# Using Exponents to Simplify Equations

An exponent is a small, superscripted number written above and to the right of a larger number, the base — this tells you how many times you multiply the base by itself. This repeated multiplication is commonly referred to as the base value being "raised to the power of" the exponential value. Both the base and the exponent can be any real number, and the exponent can be positive or negative, fractional, or even a radical.

*x*, the base, can be any real number.

*n*, the power, or exponent, can be any real number.

Even though the *x* in the expression ‘*x** *to the *n *power’ can be any real number and the *n* can be any real number, they can’t both be 0 at the same time. ‘0 to the 0 power’ really has no meaning in algebra. It takes a calculus course to discuss this. Also, if *x* is equal to 0, then *n* can’t be negative.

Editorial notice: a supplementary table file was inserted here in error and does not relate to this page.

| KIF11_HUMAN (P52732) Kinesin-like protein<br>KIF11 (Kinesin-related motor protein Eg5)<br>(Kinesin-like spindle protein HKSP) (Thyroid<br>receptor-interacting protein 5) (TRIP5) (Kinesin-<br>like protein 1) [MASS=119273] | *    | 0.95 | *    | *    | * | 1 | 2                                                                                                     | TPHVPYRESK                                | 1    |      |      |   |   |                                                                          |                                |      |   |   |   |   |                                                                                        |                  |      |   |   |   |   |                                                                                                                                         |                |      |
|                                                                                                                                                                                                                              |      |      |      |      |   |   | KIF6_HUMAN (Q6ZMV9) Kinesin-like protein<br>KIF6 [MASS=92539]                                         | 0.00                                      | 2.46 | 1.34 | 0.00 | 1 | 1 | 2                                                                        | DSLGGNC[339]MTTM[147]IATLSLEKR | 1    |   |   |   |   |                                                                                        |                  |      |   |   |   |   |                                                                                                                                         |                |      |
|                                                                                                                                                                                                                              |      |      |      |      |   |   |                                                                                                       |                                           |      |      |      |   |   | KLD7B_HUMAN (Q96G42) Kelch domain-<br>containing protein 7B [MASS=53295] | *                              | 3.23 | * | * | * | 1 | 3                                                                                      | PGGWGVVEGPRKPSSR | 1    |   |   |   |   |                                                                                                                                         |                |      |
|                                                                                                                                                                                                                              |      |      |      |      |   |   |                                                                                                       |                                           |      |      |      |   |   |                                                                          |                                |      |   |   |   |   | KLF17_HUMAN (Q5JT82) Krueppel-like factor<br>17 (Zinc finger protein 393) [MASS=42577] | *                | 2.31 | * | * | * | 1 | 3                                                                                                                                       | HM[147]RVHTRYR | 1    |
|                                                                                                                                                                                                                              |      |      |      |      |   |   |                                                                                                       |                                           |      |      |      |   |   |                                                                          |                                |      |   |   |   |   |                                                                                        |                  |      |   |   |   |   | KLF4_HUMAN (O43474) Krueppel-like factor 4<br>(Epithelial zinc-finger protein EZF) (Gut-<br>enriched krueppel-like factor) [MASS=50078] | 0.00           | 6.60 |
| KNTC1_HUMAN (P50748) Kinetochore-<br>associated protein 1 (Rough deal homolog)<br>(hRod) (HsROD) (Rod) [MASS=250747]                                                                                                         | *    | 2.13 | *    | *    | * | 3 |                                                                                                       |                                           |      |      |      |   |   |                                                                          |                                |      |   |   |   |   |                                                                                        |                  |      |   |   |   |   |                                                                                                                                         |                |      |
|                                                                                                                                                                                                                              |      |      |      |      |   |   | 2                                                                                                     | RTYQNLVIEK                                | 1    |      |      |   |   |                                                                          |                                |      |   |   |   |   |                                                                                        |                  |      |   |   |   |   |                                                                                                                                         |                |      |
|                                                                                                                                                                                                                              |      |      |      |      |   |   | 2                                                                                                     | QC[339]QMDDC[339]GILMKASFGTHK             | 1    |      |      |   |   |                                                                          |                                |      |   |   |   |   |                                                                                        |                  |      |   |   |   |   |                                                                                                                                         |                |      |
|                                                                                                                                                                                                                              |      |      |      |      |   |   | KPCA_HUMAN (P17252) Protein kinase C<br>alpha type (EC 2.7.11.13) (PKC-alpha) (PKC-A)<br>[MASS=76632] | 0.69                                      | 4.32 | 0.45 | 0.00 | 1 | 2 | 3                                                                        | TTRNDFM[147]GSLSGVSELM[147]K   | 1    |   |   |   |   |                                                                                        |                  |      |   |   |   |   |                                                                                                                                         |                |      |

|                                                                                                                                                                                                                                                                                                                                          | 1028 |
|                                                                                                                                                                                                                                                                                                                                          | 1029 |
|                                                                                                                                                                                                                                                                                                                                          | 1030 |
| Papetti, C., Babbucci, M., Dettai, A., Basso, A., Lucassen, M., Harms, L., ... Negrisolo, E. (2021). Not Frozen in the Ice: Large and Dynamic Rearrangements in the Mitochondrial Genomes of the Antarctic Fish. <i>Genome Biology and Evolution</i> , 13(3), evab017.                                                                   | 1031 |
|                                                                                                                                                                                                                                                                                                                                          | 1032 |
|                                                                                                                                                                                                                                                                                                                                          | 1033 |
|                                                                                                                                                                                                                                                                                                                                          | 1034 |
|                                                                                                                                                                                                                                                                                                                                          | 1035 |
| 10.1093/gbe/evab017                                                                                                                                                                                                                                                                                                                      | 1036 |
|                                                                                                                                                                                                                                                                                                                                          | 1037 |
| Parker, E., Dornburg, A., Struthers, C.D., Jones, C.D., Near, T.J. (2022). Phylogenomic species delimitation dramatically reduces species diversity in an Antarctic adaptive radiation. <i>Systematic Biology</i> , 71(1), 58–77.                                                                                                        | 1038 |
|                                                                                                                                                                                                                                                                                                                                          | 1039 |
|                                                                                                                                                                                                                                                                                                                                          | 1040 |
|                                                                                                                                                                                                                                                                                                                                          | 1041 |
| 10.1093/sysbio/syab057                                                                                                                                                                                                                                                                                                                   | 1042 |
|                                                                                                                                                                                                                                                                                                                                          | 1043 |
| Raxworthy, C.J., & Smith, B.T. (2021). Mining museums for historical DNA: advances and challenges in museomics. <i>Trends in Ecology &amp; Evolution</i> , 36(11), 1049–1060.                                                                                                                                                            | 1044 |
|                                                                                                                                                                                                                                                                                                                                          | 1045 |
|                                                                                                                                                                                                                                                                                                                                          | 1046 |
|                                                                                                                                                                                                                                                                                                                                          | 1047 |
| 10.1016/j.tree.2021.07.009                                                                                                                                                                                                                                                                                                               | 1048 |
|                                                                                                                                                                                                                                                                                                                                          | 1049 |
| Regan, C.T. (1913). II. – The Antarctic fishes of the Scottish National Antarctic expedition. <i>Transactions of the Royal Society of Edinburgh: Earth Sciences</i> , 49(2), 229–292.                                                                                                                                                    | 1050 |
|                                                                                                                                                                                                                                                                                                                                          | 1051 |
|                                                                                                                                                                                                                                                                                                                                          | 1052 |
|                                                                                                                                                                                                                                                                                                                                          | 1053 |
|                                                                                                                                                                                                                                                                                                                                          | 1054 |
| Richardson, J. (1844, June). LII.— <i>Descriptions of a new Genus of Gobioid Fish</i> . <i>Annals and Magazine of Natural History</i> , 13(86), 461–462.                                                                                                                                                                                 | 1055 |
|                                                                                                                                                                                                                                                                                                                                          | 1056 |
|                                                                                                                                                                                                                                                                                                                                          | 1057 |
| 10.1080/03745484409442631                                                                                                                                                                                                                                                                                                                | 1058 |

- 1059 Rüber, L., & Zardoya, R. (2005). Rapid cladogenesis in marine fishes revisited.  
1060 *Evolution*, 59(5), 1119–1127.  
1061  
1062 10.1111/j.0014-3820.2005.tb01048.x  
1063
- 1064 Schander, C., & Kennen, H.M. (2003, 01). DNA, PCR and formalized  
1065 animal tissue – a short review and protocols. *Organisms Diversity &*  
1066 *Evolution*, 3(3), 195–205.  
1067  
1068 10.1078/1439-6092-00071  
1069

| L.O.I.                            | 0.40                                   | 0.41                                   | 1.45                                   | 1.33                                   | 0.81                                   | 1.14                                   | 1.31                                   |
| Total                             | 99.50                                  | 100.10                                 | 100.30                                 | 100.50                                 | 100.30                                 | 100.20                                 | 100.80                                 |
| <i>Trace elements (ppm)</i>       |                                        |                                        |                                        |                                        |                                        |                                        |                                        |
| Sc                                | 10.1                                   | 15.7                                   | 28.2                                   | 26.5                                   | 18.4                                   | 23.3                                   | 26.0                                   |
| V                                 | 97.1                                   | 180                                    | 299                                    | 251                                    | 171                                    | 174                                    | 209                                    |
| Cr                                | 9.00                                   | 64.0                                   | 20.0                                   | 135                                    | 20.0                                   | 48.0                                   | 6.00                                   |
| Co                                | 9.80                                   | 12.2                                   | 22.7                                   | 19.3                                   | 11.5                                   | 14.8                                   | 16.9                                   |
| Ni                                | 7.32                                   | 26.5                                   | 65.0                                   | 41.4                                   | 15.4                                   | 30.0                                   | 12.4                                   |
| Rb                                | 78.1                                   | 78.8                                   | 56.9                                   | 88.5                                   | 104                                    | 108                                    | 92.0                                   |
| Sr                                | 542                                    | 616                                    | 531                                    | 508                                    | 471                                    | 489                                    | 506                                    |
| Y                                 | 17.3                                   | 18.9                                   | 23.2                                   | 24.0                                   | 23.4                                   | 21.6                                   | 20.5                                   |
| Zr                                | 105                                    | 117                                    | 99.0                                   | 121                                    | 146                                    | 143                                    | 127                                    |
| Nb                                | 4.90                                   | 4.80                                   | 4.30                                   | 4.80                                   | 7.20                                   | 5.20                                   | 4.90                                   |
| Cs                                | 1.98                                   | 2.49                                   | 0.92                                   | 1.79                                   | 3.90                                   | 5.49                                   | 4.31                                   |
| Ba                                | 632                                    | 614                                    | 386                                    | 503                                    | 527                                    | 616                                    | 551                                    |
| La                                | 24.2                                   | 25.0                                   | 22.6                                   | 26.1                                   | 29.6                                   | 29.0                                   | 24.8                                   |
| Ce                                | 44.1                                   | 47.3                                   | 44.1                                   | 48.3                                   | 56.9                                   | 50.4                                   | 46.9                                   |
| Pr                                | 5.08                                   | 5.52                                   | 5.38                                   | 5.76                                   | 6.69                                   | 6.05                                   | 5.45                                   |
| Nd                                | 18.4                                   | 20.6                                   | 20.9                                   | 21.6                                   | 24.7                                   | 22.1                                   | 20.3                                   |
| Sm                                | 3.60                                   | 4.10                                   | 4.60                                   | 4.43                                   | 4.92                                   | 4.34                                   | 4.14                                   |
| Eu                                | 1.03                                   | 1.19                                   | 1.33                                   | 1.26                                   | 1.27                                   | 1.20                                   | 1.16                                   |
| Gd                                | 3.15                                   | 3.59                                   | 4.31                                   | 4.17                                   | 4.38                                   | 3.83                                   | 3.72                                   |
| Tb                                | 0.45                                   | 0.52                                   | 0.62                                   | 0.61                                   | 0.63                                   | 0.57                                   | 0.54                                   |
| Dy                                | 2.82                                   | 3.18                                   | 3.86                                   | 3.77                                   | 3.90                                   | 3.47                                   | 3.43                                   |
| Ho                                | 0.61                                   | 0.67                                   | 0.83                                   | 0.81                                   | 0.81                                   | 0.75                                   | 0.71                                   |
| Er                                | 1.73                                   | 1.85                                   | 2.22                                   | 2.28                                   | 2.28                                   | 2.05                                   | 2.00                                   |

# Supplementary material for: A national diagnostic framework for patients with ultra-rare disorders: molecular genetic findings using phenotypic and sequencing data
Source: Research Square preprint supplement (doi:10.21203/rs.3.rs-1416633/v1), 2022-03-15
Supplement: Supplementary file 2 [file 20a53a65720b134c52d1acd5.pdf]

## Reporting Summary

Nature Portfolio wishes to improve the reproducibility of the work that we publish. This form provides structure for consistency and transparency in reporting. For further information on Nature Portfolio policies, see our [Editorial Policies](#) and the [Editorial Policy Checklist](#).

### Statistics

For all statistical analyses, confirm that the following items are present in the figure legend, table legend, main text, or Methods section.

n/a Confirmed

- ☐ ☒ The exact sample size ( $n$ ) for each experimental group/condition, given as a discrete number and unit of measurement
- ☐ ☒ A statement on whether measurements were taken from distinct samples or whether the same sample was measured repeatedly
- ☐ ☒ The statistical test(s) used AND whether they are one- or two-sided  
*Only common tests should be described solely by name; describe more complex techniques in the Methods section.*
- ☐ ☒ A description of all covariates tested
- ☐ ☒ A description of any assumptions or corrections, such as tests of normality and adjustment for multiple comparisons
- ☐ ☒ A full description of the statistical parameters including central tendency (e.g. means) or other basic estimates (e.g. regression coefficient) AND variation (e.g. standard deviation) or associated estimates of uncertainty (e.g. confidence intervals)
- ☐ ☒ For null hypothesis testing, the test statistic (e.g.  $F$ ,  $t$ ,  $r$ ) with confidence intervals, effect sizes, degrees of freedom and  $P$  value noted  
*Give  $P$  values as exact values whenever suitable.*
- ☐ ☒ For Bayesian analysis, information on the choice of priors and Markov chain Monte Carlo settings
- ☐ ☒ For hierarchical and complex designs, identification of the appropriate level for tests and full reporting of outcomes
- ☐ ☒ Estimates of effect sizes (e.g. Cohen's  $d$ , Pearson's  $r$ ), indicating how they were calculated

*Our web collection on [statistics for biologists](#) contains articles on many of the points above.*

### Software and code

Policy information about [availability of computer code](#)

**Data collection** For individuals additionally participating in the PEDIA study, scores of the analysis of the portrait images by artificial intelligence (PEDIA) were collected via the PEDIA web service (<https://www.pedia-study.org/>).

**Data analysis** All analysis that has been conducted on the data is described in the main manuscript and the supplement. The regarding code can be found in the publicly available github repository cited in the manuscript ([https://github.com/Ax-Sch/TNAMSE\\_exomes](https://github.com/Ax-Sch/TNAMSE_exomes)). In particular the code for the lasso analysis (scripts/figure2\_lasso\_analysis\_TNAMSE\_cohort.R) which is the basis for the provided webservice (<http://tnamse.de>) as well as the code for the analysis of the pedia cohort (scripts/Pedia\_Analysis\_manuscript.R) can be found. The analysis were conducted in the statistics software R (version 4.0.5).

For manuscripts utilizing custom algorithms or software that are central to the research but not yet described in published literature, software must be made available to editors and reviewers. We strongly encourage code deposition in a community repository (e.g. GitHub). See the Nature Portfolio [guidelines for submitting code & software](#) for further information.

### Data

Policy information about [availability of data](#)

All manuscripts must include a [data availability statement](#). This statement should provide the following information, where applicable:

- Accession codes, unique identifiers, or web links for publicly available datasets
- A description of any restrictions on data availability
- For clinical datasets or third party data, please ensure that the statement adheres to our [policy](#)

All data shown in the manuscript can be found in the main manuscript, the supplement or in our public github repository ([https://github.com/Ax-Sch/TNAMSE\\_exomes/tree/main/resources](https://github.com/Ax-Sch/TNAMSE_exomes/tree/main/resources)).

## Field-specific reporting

In the examples below, the base is multiplied *n* times, and the exponential expression is evaluated.

The nice thing about exponents of ten is that the power tells you how many zeros are in the answer.

In this example, several bases are multiplied together. Each base has its own, separate exponent. The *x*, *y*, and *z* represent real numbers.

You can see why it’s preferable to use the powers. And in the next example, the base is actually a binomial. The parentheses mean that you add the two values together before applying the exponent.